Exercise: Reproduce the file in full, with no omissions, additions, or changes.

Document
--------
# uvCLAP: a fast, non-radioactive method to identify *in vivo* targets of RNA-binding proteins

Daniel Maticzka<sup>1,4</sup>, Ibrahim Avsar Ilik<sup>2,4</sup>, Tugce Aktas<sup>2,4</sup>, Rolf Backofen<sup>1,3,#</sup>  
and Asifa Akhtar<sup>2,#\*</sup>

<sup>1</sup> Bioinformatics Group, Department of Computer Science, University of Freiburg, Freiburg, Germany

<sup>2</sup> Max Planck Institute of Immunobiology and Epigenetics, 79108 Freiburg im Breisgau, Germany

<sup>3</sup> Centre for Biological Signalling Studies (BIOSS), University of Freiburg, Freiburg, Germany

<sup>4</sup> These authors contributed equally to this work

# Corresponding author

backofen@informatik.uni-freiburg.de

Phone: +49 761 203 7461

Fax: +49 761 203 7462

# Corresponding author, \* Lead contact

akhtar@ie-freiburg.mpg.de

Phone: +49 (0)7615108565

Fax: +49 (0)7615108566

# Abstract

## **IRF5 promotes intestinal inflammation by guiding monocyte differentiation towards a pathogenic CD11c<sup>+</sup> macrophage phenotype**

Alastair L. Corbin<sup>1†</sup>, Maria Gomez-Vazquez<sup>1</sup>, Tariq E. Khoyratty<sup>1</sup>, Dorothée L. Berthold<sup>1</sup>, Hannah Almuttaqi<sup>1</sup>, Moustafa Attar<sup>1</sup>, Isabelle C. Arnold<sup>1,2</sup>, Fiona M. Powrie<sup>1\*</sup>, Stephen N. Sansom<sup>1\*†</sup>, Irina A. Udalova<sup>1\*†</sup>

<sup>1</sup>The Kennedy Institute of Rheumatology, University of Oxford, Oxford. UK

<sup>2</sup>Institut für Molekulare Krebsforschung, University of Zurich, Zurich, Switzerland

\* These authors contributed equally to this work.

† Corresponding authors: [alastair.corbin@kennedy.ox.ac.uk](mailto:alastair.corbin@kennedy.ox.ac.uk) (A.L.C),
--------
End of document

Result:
# uvCLAP: a fast, non-radioactive method to identify *in vivo* targets of RNA-binding proteins

Daniel Maticzka<sup>1,4</sup>, Ibrahim Avsar Ilik<sup>2,4</sup>, Tugce Aktas<sup>2,4</sup>, Rolf Backofen<sup>1,3,#</sup>  
and Asifa Akhtar<sup>2,#\*</sup>

<sup>1</sup> Bioinformatics Group, Department of Computer Science, University of Freiburg, Freiburg, Germany

<sup>2</sup> Max Planck Institute of Immunobiology and Epigenetics, 79108 Freiburg im Breisgau, Germany

<sup>3</sup> Centre for Biological Signalling Studies (BIOSS), University of Freiburg, Freiburg, Germany

<sup>4</sup> These authors contributed equally to this work

# Corresponding author

backofen@informatik.uni-freiburg.de

Phone: +49 761 203 7461

Fax: +49 761 203 7462

# Corresponding author, \* Lead contact

akhtar@ie-freiburg.mpg.de

Phone: +49 (0)7615108565

Fax: +49 (0)7615108566

# Abstract

## **IRF5 promotes intestinal inflammation by guiding monocyte differentiation towards a pathogenic CD11c<sup>+</sup> macrophage phenotype**

Alastair L. Corbin<sup>1†</sup>, Maria Gomez-Vazquez<sup>1</sup>, Tariq E. Khoyratty<sup>1</sup>, Dorothée L. Berthold<sup>1</sup>, Hannah Almuttaqi<sup>1</sup>, Moustafa Attar<sup>1</sup>, Isabelle C. Arnold<sup>1,2</sup>, Fiona M. Powrie<sup>1\*</sup>, Stephen N. Sansom<sup>1\*†</sup>, Irina A. Udalova<sup>1\*†</sup>

<sup>1</sup>The Kennedy Institute of Rheumatology, University of Oxford, Oxford. UK

<sup>2</sup>Institut für Molekulare Krebsforschung, University of Zurich, Zurich, Switzerland

\* These authors contributed equally to this work.

† Corresponding authors: [alastair.corbin@kennedy.ox.ac.uk](mailto:alastair.corbin@kennedy.ox.ac.uk) (A.L.C),